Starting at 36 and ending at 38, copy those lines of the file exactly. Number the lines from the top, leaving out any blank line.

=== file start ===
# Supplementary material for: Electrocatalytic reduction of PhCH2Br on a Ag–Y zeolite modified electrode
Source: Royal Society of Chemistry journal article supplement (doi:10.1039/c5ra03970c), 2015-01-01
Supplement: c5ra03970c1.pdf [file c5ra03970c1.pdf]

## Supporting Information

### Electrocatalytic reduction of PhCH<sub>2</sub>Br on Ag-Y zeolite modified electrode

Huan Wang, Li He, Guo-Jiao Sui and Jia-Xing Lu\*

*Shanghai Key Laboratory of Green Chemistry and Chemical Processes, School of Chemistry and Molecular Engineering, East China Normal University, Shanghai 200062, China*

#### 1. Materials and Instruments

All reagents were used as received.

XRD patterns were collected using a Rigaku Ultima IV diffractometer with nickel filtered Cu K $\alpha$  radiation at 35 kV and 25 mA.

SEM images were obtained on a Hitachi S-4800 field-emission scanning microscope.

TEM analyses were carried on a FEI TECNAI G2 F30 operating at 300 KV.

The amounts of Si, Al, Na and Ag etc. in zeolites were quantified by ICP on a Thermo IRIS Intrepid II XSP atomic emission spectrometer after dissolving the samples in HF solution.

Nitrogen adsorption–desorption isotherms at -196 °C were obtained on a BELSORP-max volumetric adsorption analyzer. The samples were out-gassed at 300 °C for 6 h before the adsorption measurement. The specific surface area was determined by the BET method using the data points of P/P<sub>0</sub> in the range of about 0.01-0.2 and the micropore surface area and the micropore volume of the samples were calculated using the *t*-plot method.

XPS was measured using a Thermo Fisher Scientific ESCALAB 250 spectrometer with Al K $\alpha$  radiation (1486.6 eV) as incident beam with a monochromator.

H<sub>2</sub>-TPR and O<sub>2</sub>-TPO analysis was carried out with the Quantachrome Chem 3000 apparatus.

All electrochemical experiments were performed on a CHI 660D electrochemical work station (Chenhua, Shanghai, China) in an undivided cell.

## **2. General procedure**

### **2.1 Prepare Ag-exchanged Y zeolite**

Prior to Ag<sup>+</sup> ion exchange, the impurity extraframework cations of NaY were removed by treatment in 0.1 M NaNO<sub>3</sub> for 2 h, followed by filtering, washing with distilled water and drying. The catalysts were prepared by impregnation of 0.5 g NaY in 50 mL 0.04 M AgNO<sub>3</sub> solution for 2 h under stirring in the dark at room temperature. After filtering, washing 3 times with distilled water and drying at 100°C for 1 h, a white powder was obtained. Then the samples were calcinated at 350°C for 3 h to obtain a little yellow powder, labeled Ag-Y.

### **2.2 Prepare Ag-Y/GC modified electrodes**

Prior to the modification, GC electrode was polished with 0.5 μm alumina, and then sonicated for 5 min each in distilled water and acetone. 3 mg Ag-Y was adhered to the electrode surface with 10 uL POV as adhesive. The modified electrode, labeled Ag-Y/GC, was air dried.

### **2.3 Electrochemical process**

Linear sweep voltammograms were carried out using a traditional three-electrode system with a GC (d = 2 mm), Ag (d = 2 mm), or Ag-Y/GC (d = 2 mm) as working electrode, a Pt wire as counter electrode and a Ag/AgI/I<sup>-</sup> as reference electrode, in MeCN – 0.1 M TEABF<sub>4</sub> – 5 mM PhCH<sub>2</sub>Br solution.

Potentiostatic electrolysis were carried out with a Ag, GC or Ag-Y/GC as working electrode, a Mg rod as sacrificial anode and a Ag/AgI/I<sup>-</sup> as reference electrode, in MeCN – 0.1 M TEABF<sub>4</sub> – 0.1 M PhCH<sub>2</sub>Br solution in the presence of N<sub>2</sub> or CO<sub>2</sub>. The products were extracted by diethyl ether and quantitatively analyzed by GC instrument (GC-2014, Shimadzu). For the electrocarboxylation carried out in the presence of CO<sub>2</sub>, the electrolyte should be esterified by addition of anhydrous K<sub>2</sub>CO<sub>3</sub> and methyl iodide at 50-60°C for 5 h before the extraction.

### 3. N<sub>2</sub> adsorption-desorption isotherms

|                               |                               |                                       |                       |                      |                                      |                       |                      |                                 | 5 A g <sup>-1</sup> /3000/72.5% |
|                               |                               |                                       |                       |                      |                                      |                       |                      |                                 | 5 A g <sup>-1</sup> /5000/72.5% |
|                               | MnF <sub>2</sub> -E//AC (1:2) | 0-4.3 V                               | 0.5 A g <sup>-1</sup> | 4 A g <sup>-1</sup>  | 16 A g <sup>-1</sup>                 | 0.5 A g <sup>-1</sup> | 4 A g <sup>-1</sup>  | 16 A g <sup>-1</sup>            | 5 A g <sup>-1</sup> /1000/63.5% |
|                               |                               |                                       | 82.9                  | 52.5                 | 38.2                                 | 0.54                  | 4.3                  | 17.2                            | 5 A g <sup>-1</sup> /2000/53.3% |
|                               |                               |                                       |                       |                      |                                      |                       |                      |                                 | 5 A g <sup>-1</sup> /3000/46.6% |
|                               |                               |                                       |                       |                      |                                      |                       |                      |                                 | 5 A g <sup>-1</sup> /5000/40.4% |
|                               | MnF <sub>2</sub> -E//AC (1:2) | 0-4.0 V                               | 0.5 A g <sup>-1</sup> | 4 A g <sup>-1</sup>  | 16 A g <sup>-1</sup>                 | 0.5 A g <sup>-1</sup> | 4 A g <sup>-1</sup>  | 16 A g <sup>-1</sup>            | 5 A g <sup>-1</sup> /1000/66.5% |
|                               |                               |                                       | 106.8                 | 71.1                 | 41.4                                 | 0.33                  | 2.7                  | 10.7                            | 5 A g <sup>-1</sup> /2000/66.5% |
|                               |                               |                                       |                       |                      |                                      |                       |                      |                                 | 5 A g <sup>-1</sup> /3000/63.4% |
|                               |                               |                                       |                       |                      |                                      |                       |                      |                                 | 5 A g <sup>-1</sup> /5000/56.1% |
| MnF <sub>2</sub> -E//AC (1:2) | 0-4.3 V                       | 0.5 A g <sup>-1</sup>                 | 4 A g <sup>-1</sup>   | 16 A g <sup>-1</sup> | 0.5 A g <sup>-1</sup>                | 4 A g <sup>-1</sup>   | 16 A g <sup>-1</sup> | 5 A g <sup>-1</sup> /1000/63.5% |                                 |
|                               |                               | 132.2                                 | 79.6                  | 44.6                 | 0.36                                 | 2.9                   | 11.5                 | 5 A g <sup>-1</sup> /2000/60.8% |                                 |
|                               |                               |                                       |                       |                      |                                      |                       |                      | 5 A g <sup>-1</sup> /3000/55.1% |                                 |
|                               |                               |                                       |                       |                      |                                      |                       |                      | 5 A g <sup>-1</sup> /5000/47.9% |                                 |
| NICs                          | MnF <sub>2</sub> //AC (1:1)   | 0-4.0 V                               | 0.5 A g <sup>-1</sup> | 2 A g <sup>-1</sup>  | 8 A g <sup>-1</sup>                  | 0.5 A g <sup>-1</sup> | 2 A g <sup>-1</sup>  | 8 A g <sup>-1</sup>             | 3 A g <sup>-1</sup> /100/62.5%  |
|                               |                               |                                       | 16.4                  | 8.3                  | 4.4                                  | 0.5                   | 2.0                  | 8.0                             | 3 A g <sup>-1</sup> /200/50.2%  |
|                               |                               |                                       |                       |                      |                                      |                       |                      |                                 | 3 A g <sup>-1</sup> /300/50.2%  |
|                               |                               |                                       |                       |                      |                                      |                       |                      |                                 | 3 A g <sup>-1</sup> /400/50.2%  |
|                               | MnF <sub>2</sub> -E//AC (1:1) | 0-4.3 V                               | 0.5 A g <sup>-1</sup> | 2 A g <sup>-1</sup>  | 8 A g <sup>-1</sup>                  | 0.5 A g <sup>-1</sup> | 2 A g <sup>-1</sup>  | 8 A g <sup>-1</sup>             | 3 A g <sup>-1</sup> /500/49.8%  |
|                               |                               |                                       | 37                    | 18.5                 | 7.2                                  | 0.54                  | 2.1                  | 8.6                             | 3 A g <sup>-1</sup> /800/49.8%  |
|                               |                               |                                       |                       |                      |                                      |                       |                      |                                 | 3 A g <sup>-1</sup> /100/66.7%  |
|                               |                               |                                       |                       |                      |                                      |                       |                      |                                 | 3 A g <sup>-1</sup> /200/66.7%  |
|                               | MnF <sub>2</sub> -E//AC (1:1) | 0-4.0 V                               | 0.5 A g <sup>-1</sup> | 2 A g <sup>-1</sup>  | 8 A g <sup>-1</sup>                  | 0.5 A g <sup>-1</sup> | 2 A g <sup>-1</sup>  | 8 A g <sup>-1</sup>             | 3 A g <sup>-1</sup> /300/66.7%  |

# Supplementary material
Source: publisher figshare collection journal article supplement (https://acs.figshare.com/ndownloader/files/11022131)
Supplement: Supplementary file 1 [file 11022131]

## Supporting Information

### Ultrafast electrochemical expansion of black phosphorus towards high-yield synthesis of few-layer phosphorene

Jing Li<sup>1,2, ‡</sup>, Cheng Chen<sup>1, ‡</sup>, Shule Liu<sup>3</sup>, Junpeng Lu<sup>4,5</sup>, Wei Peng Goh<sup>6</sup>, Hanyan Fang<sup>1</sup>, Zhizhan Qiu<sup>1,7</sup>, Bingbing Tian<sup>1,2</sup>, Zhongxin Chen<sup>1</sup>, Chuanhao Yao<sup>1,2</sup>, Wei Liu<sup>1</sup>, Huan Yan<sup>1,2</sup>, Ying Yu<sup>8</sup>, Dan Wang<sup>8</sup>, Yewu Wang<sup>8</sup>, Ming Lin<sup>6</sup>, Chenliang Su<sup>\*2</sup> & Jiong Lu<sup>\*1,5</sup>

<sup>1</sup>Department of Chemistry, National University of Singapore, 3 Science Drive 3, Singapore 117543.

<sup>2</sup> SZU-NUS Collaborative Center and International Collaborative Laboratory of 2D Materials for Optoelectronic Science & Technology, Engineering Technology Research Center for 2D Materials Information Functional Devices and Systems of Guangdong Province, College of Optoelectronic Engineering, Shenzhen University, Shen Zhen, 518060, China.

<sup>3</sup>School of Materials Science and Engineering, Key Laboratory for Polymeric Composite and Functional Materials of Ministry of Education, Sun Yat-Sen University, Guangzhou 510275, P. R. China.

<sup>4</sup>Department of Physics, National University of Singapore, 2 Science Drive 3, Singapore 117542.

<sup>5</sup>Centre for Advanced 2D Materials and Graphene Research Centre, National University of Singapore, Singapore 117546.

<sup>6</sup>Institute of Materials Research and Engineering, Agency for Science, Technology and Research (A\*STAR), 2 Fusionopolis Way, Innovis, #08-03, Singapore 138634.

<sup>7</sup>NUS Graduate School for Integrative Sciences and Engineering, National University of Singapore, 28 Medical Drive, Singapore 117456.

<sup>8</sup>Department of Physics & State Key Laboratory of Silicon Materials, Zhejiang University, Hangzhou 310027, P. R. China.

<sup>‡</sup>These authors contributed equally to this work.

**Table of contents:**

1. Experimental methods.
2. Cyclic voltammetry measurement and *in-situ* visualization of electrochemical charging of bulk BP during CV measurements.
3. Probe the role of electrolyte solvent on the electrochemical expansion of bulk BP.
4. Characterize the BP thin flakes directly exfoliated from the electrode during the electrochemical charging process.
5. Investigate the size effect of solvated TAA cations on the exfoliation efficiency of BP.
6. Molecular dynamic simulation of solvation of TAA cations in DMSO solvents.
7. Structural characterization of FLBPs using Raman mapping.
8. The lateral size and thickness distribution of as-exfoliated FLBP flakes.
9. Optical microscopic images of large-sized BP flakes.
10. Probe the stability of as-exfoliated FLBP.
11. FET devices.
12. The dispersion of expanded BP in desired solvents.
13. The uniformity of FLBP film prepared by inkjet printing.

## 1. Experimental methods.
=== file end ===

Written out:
|                               |                               |                                       |                       |                      |                                      |                       |                      |                                 | 5 A g <sup>-1</sup> /5000/56.1% |
| MnF <sub>2</sub> -E//AC (1:2) | 0-4.3 V                       | 0.5 A g <sup>-1</sup>                 | 4 A g <sup>-1</sup>   | 16 A g <sup>-1</sup> | 0.5 A g <sup>-1</sup>                | 4 A g <sup>-1</sup>   | 16 A g <sup>-1</sup> | 5 A g <sup>-1</sup> /1000/63.5% |                                 |
|                               |                               | 132.2                                 | 79.6                  | 44.6                 | 0.36                                 | 2.9                   | 11.5                 | 5 A g <sup>-1</sup> /2000/60.8% |                                 |